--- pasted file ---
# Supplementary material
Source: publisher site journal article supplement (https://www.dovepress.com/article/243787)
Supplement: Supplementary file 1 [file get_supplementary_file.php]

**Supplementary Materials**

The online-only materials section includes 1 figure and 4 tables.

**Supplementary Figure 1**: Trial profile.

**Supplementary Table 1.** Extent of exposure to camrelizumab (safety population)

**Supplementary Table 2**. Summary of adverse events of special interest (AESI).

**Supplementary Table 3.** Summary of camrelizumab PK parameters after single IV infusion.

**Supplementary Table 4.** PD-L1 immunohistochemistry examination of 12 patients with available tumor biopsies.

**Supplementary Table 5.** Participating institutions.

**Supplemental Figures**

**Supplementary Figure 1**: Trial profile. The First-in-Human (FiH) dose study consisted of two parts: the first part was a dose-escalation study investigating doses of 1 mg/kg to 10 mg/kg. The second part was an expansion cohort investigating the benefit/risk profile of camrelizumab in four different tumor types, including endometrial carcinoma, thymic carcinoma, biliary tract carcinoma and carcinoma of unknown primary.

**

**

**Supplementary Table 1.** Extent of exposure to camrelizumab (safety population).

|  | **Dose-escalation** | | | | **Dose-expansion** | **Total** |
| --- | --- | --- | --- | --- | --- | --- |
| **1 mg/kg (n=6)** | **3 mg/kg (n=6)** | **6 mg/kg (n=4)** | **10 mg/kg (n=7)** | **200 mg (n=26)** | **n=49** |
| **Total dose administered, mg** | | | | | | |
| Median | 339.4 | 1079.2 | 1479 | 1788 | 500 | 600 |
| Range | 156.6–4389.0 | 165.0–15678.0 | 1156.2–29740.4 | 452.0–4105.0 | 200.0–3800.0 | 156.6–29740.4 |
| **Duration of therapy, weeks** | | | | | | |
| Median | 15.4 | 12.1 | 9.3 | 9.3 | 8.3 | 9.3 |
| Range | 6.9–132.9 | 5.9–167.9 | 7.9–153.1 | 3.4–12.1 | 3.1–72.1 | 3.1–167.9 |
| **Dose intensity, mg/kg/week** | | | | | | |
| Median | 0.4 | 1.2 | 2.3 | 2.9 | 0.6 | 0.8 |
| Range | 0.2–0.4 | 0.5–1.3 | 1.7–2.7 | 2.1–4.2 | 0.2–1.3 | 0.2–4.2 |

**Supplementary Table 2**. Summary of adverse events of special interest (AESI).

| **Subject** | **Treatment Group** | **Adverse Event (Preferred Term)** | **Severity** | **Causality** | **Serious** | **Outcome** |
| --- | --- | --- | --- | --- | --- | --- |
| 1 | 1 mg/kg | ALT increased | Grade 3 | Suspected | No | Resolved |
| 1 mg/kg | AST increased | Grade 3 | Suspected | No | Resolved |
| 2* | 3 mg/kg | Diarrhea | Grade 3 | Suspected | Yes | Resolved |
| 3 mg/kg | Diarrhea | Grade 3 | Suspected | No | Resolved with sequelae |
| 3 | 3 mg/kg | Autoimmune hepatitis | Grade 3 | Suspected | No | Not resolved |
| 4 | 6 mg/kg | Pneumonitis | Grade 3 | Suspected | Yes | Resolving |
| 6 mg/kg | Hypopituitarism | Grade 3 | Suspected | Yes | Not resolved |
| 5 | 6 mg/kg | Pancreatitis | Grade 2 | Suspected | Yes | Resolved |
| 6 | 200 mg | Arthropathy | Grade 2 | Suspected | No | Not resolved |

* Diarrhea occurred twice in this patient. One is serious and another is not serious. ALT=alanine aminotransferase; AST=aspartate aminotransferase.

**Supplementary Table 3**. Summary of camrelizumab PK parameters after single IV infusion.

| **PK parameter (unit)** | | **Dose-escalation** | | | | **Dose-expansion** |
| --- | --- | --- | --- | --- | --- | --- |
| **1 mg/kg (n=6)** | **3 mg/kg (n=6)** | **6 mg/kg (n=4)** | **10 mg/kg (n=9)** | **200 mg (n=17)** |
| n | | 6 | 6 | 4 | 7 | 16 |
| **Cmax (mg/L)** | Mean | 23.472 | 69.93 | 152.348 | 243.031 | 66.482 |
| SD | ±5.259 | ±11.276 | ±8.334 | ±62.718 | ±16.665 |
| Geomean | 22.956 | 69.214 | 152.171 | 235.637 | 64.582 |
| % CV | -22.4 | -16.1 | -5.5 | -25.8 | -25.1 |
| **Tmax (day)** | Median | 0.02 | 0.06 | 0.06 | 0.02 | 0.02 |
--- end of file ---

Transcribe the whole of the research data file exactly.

# Supplementary material
Source: publisher site journal article supplement (https://www.dovepress.com/article/243787)
Supplement: Supplementary file 1 [file get_supplementary_file.php]

**Supplementary Materials**

The online-only materials section includes 1 figure and 4 tables.

**Supplementary Figure 1**: Trial profile.

**Supplementary Table 1.** Extent of exposure to camrelizumab (safety population)

**Supplementary Table 2**. Summary of adverse events of special interest (AESI).

**Supplementary Table 3.** Summary of camrelizumab PK parameters after single IV infusion.

**Supplementary Table 4.** PD-L1 immunohistochemistry examination of 12 patients with available tumor biopsies.

**Supplementary Table 5.** Participating institutions.

**Supplemental Figures**

**Supplementary Figure 1**: Trial profile. The First-in-Human (FiH) dose study consisted of two parts: the first part was a dose-escalation study investigating doses of 1 mg/kg to 10 mg/kg. The second part was an expansion cohort investigating the benefit/risk profile of camrelizumab in four different tumor types, including endometrial carcinoma, thymic carcinoma, biliary tract carcinoma and carcinoma of unknown primary.

**

**

**Supplementary Table 1.** Extent of exposure to camrelizumab (safety population).

|  | **Dose-escalation** | | | | **Dose-expansion** | **Total** |
| --- | --- | --- | --- | --- | --- | --- |
| **1 mg/kg (n=6)** | **3 mg/kg (n=6)** | **6 mg/kg (n=4)** | **10 mg/kg (n=7)** | **200 mg (n=26)** | **n=49** |
| **Total dose administered, mg** | | | | | | |
| Median | 339.4 | 1079.2 | 1479 | 1788 | 500 | 600 |
| Range | 156.6–4389.0 | 165.0–15678.0 | 1156.2–29740.4 | 452.0–4105.0 | 200.0–3800.0 | 156.6–29740.4 |
| **Duration of therapy, weeks** | | | | | | |
| Median | 15.4 | 12.1 | 9.3 | 9.3 | 8.3 | 9.3 |
| Range | 6.9–132.9 | 5.9–167.9 | 7.9–153.1 | 3.4–12.1 | 3.1–72.1 | 3.1–167.9 |
| **Dose intensity, mg/kg/week** | | | | | | |
| Median | 0.4 | 1.2 | 2.3 | 2.9 | 0.6 | 0.8 |
| Range | 0.2–0.4 | 0.5–1.3 | 1.7–2.7 | 2.1–4.2 | 0.2–1.3 | 0.2–4.2 |

**Supplementary Table 2**. Summary of adverse events of special interest (AESI).

| **Subject** | **Treatment Group** | **Adverse Event (Preferred Term)** | **Severity** | **Causality** | **Serious** | **Outcome** |
| --- | --- | --- | --- | --- | --- | --- |
| 1 | 1 mg/kg | ALT increased | Grade 3 | Suspected | No | Resolved |
| 1 mg/kg | AST increased | Grade 3 | Suspected | No | Resolved |
| 2* | 3 mg/kg | Diarrhea | Grade 3 | Suspected | Yes | Resolved |
| 3 mg/kg | Diarrhea | Grade 3 | Suspected | No | Resolved with sequelae |
| 3 | 3 mg/kg | Autoimmune hepatitis | Grade 3 | Suspected | No | Not resolved |
| 4 | 6 mg/kg | Pneumonitis | Grade 3 | Suspected | Yes | Resolving |
| 6 mg/kg | Hypopituitarism | Grade 3 | Suspected | Yes | Not resolved |
| 5 | 6 mg/kg | Pancreatitis | Grade 2 | Suspected | Yes | Resolved |
| 6 | 200 mg | Arthropathy | Grade 2 | Suspected | No | Not resolved |

* Diarrhea occurred twice in this patient. One is serious and another is not serious. ALT=alanine aminotransferase; AST=aspartate aminotransferase.

**Supplementary Table 3**. Summary of camrelizumab PK parameters after single IV infusion.

| **PK parameter (unit)** | | **Dose-escalation** | | | | **Dose-expansion** |
| --- | --- | --- | --- | --- | --- | --- |
| **1 mg/kg (n=6)** | **3 mg/kg (n=6)** | **6 mg/kg (n=4)** | **10 mg/kg (n=9)** | **200 mg (n=17)** |
| n | | 6 | 6 | 4 | 7 | 16 |
| **Cmax (mg/L)** | Mean | 23.472 | 69.93 | 152.348 | 243.031 | 66.482 |
| SD | ±5.259 | ±11.276 | ±8.334 | ±62.718 | ±16.665 |
| Geomean | 22.956 | 69.214 | 152.171 | 235.637 | 64.582 |
| % CV | -22.4 | -16.1 | -5.5 | -25.8 | -25.1 |
| **Tmax (day)** | Median | 0.02 | 0.06 | 0.06 | 0.02 | 0.02 |